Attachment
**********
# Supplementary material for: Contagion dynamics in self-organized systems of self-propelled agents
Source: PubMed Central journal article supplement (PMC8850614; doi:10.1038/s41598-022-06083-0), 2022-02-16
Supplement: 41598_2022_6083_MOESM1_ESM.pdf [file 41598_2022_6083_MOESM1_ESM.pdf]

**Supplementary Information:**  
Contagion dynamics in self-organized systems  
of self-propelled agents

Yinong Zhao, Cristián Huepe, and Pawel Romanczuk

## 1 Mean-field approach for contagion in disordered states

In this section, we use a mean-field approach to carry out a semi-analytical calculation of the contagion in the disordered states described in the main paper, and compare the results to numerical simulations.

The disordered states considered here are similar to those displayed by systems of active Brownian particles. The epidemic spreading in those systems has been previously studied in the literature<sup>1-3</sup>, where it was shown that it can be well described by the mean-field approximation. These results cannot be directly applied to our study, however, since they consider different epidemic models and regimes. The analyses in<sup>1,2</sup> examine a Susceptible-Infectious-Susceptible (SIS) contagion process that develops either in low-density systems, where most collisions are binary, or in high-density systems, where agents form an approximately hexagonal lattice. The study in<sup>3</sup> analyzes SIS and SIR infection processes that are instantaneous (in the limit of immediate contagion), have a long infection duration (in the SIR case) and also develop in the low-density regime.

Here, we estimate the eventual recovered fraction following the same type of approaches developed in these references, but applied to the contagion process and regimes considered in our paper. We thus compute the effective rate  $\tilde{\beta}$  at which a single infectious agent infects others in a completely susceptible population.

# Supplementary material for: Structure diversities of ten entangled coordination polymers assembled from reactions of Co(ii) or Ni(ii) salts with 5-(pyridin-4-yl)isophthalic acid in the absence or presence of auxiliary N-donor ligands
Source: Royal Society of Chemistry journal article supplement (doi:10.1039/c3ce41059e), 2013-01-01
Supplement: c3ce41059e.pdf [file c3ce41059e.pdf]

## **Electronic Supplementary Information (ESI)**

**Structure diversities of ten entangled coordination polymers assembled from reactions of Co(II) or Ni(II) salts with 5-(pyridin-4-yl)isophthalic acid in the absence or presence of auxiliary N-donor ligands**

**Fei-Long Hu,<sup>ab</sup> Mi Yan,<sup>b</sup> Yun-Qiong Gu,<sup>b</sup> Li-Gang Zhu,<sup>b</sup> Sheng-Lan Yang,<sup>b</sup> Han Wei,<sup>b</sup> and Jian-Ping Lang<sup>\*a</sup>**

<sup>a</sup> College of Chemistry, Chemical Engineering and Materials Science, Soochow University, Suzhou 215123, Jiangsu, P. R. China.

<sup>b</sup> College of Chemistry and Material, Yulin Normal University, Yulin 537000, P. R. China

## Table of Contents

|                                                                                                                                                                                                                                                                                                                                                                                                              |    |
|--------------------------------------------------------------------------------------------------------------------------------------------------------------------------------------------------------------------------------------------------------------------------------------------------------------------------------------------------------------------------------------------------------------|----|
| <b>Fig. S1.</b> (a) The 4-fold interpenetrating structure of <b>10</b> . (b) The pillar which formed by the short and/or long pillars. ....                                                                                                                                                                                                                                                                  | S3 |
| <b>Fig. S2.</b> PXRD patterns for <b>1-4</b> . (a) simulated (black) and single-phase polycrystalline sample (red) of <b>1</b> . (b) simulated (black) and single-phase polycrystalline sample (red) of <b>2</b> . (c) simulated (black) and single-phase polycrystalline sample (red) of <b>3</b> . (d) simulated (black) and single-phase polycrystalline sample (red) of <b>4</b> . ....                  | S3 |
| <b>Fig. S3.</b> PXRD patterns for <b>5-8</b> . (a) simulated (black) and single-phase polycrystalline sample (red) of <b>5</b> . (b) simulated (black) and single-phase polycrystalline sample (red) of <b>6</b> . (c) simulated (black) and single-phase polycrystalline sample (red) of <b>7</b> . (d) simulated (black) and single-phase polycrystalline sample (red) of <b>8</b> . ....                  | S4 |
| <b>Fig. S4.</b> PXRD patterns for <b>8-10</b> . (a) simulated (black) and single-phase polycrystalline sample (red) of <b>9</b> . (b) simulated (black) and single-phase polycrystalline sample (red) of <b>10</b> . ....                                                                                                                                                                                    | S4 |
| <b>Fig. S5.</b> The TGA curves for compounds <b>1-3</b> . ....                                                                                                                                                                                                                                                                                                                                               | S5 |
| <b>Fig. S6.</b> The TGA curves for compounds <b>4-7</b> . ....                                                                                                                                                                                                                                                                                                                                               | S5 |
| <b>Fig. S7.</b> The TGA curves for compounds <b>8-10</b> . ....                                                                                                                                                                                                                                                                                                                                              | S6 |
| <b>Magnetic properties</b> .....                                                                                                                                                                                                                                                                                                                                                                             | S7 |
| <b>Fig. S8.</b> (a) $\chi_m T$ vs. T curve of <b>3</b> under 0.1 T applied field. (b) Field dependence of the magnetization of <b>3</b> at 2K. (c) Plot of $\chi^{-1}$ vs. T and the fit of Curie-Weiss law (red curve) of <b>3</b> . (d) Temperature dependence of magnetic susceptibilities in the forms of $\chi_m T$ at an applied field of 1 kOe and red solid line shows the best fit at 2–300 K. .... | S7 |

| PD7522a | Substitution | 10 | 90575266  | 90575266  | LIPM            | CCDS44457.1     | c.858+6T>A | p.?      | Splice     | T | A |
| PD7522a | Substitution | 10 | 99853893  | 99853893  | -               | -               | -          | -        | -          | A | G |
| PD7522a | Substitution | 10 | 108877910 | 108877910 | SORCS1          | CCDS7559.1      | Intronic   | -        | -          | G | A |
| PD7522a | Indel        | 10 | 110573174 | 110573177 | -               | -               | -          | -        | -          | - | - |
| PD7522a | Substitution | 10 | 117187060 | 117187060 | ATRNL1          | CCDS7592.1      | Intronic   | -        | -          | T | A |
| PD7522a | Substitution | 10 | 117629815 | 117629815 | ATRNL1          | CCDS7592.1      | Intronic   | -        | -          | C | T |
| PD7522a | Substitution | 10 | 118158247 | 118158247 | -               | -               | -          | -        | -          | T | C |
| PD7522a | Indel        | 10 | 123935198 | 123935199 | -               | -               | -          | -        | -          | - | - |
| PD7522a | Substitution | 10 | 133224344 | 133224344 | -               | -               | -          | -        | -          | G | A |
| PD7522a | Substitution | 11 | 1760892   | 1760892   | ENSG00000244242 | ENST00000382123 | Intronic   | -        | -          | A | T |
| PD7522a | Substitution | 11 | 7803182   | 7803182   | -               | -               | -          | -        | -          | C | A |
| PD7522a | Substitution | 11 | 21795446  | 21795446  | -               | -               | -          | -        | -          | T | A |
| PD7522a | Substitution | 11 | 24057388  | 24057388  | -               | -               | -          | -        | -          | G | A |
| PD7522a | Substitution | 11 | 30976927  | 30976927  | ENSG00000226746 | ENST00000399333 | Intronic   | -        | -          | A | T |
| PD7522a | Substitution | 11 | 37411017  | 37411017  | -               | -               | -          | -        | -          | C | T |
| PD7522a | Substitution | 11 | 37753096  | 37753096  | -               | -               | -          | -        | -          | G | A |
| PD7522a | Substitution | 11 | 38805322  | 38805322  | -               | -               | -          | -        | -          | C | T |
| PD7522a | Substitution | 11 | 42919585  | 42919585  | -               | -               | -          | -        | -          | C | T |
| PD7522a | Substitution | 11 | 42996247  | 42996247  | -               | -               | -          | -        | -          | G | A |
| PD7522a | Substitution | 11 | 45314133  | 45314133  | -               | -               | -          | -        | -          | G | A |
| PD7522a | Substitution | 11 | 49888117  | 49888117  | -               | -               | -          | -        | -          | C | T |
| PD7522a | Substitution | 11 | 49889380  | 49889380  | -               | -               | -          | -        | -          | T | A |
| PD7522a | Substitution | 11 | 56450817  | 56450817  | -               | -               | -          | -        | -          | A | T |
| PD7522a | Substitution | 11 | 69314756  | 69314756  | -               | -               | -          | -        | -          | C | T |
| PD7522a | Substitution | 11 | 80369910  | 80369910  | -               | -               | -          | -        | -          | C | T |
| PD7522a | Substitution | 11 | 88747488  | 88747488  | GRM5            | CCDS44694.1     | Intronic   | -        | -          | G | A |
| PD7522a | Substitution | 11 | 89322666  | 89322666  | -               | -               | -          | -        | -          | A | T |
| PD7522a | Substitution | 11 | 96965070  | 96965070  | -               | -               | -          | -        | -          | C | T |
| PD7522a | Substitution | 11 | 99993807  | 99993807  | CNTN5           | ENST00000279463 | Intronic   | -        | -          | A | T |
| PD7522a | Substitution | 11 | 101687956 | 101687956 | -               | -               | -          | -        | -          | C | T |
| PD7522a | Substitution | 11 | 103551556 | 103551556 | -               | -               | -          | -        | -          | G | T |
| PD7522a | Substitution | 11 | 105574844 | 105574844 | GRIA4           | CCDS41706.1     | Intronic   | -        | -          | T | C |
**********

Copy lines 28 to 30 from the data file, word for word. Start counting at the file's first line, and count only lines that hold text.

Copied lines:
| <b>Fig. S6.</b> The TGA curves for compounds <b>4-7</b> . ....                                                                                                                                                                                                                                                                                                                                               | S5 |
| <b>Fig. S7.</b> The TGA curves for compounds <b>8-10</b> . ....                                                                                                                                                                                                                                                                                                                                              | S6 |
| <b>Magnetic properties</b> .....                                                                                                                                                                                                                                                                                                                                                                             | S7 |